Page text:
Three jobs later, and for reasons more complicated than bear telling here, we arrived on Beechwood Avenue in April 2005. I had started working for a group that covered the mortgage industry. Even then, there were signs of a looming collapse (although it was viewed as “another mortgage cycle,” and not yet as something that would break the world’s financial system). I had a client from South Carolina who had their annual bank meeting at Westmoreland CC in Wilmette. I’ve forgotten exactly why a Greenville, SC company would do such a thing, but they enjoyed the facility and it made it much easier on their Chicago bankers, so we embraced it. It was May 23, 2005.


We had always had dogs growing up. I loved animals in general, and always seemed to connect with them. If you’re walking your dog down the street chances are good that I’ll greet your dog before acknowledging you. Having the love of a dog is an irreplaceable feeling for me. Their need for you to care for them is matched by their desire to care for you. The way they hug you with their eyes, and know when you need some of their kindness. Their unrestrained joy when they see you after an absence of any length is infectious to me.

Our first dog arrived when I was in kindergarten; a black dachshund named Schatzie. She made it until I was in 5th grade, when she succumbed to something I can’t remember. I recall having to walk the three blocks home at lunch on days when my mother was substitute teaching to tend to her during her last days. I remember being tremendously sad and lonely in the days following her death. I was ten.

A couple years after Schatzie left us, we adopted Mindy, a rambunctious Scottish Terrier. She was with us from 7th grade until I was out of college and married.

My wife wasn’t a dog person. I’m told they had a dog for a very short time when she was very young (only long enough to take one picture, I think). As a result, the absence of a dog in her life left her with no pressing need to get one as our family grew. Knowing that she’d be the one to tend to the pet most of the time, I deferred to her on the subject. As the kids grew, the demands for a pet grew more incessant. At one point, the girls asked for a cat. It led to the only real lie we’ve told our kids. We told them that we were allergic to cats. While Midge wasn’t a dog person, she was definitely not a cat person. (Cat people tell me often about how great their cat is, and proclaim their pet’s canine qualities. If the best thing you can say about your cat is how much it’s like a dog, you should have gotten a dog and saved yourself the trouble.)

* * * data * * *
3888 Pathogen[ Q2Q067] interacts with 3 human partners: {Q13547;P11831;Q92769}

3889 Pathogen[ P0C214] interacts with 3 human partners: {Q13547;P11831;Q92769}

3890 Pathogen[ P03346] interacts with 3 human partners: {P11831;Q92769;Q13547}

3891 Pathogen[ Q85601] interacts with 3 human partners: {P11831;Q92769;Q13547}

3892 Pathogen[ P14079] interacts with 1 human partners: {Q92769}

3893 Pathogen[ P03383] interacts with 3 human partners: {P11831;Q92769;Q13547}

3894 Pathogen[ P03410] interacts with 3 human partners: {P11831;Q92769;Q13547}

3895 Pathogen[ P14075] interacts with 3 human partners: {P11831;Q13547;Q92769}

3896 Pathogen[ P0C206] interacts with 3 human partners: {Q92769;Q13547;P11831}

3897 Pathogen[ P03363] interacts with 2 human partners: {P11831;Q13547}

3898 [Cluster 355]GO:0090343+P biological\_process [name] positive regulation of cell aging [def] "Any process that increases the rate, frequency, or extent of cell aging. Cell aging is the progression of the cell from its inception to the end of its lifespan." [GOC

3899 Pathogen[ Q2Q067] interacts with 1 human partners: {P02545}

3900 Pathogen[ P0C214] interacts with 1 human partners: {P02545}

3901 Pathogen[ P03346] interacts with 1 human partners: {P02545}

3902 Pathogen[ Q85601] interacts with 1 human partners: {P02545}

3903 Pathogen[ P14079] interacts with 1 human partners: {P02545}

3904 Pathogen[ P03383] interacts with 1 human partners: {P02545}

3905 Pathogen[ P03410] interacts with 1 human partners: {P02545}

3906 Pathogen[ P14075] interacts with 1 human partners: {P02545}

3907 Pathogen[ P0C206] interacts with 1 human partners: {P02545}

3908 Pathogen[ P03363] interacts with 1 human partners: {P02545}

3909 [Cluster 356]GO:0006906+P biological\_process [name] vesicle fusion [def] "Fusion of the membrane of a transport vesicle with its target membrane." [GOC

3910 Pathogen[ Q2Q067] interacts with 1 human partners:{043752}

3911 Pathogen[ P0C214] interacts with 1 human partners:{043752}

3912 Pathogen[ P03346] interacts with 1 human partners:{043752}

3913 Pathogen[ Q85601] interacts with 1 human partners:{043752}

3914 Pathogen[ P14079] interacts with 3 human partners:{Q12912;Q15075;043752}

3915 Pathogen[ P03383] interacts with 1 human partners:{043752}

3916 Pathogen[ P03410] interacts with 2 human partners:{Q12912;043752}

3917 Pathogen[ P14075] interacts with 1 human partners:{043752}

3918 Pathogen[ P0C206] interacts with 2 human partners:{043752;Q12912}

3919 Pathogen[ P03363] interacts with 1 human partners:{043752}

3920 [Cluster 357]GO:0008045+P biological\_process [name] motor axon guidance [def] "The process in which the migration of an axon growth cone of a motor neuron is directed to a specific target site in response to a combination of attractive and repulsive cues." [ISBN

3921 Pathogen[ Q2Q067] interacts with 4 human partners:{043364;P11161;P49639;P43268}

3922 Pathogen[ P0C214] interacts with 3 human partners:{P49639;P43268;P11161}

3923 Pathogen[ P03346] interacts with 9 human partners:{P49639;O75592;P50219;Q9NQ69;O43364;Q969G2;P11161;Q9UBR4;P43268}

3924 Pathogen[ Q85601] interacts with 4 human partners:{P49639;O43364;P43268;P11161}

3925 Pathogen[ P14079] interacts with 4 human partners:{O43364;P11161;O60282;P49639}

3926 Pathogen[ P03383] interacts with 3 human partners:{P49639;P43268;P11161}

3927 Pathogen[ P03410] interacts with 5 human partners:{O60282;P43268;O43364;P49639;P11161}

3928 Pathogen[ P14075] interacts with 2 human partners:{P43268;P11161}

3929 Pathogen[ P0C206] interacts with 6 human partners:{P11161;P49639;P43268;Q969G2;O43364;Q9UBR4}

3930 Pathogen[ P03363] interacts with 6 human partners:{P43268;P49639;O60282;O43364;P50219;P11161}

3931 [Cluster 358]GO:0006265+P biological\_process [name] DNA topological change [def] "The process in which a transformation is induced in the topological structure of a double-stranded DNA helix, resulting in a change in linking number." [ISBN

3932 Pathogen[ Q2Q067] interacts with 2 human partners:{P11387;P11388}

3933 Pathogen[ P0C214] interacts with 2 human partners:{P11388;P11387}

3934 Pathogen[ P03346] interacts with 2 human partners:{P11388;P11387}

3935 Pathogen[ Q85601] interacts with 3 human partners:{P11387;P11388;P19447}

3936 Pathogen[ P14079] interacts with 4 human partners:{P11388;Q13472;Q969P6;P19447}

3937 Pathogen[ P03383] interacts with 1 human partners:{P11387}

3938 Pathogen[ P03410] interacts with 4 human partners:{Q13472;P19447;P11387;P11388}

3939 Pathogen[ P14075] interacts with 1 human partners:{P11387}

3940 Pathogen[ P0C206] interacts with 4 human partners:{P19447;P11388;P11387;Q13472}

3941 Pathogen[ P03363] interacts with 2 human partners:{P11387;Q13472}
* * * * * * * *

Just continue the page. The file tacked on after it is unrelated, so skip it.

By the fall of 2004, we could wait no longer, and contacted a breeder in Indiana for a cockapoo. Born in September, Tillie arrived at Thanksgiving. She was everything we wanted. Calm, cute, and playful, she was great in all respects. I think she only barked a dozen times in her horribly short life. We found that she had calcifying discs in her back at age three that left her in need of surgery when one of them ruptured. Given her very young age, we thought she deserved a chance, so she made it through the surgery and recovery, only to have another disc go out two years later. With six more deteriorating discs, and a deteriorating quality of life, it was clear that she couldn’t go on. She was so sad at the end. We waited for our oldest to come home from college at Thanksgiving for one final goodbye. The last month, November 2009, was an emotional nightmare. I remember everything about the last walk we had and the last time I saw her. The fundamental unfairness of having that happen to such a sweet little dog breaks my heart. She and her sad eyes were looking to me for help and I feel like I failed her. I’m (obviously) still not over it.


With our move to Beechwood in 2005, Tillie, then about 8-months old, needed to learn her new boundaries, so we’d take her in the back yard on a leash and walk her around while we waited for the infernal invisible fence to be installed. On that May morning, having returned from one of my infrequent trips to Life Time Fitness and with some time on my hands before my meeting, I walked Tillie around the backyard. The street was buzzing with activity as kids were on their way to school. I didn’t realize it at the time, but it was the last day for seniors at New Trier.